From that time the struggle became an open anti-imperialist war led by the IRA with the aim of driving British imperialism out of Ireland as the pre-condition for achieving the demands and aspirations of the Irish people. The whole armed might of the British state has failed to defeat the IRA. Far from it, the IRA has grown in strength and support and has literally fought British imperialism to a standstill in the face of an unprecedented campaign of terror and torture by the British state.
No wonder the uprising in St Paul's has terrified the ruling class. For now they have cause for nightmares, not only about being defeated and being driven out of Ireland, but also about a growing revolutionary struggle led by black people here in the heart of the monster itself.
Let them fear well! For they have created a section of the working class in Britain whose racial oppression means that they have nothing to lose. The struggle of the black people as has most recently been shown by St Pauls will inevitably have the same anti-imperialist character as the Irish struggle.
Because they face a common enemy — the British state — the black people in Britain and the Irish people in Ireland will inevitably extend their hands in friendship and unity in struggle. The IRA has already recognised this fact:
‘Among the black minorities in England there is a kind of parallel repression in the way that the police repress them. I am sure there would be sympathy there for us' (An Phoblacht)
And the black vanguard in Britain has also recognised this fact and has been active in urging support for the struggle of the Irish people. Thus the Asian Youth Movement Bradford calls unequivocally for 'Victory to the IRA'.
This is the path forward that makes the ruling class tremble. These two struggles united — the Irish struggle to defeat British imperialism in Ireland and the revolutionary struggle led by black people to plunge the sword into its very heart here in Britain.
Let the ruling class tremble for the recognition of the unity of the struggle is spreading. It was summed up by a black youth in St Pauls. He said:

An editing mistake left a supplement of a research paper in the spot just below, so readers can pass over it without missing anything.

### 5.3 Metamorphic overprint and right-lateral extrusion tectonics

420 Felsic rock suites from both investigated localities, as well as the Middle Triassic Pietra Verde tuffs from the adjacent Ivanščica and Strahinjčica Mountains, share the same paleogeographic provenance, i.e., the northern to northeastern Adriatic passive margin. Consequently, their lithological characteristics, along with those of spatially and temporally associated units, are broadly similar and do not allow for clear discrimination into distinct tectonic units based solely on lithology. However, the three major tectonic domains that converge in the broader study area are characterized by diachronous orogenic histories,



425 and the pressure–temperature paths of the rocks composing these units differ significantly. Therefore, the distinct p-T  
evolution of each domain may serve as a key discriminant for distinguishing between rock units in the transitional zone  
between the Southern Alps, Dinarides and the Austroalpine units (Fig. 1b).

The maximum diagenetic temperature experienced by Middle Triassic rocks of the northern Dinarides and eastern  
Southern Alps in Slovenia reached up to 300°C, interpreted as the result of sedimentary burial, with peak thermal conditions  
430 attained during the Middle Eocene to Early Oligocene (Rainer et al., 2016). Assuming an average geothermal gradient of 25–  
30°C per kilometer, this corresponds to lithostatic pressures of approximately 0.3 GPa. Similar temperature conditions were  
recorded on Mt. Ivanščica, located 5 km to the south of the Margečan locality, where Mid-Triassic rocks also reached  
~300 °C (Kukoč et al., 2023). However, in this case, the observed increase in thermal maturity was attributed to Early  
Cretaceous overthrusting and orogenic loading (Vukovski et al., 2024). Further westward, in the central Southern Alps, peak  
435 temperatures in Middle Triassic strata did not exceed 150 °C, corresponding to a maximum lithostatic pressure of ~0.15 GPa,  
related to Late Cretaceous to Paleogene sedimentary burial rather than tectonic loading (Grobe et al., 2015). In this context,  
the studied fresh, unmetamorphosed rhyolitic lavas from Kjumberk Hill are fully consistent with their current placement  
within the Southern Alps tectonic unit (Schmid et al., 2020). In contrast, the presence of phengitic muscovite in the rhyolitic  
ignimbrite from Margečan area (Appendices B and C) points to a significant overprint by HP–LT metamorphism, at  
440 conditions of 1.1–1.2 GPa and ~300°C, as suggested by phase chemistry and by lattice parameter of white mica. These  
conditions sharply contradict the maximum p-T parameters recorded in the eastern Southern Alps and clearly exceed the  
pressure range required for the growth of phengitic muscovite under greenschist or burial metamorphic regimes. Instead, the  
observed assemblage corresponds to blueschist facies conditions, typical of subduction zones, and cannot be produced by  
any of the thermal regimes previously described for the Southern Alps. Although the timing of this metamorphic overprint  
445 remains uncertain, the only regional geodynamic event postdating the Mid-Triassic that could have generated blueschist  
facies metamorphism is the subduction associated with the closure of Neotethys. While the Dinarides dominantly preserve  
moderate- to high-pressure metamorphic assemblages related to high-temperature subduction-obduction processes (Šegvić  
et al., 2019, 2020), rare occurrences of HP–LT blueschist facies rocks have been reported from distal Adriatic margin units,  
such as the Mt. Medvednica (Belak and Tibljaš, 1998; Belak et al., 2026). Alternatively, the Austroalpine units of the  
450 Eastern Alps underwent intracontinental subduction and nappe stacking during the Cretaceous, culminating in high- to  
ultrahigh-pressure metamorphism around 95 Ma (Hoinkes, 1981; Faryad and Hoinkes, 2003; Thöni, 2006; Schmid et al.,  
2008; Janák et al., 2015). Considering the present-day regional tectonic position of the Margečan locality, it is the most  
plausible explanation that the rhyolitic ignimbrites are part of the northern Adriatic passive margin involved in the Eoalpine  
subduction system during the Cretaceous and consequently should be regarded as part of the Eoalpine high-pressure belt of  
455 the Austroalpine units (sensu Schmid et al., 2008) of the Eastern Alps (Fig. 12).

'All the oppressed and sufferers are IRA'.
From Bristol to Belfast the message is clear: Smash the British State!
BRITISH DEMOCRACY: NEWS IN BRIEF
In Scotland a 25 year old man was imprisoned for 6 months after having been charged with a breach of the peace. His offence? He had too openly displayed his joy at the demise of Lord Mountbatten by banging on the roof of a bus and singing: ‘Ee aye addio Uncle Dickie's dead'.
Sherriff Archibald Bell, sentencing him to 6 months said:
'The provocative nature of the utterances attributed to you might in other circumstances have had more serious consequences.'
A man with an Irish name decided to go and watch the proceeding at the Old Bailey. He was unaware that on that day the appeal of the people who were framed for the Woolwich and Guildford pub bombings was being heard.
Seeing those in the queue for the courtroom undergoing body searches and being asked to produce documents he became afraid that his Irish name would mark him out for special treatment and therefore decided to go and watch a different trial. The police then arrested both him and his two friends under the PTA.
The Asian Youth Movement, Bradford organised a national meeting of black groups and individuals to discuss the Black Freedom March. A plain blue van was stationed outside the hall and used to photograph the delegates attending the meeting. When the occupants of the van were challenged no less than 15 police cars arrived, making it clear that the whole affair was a political spying operation by the police.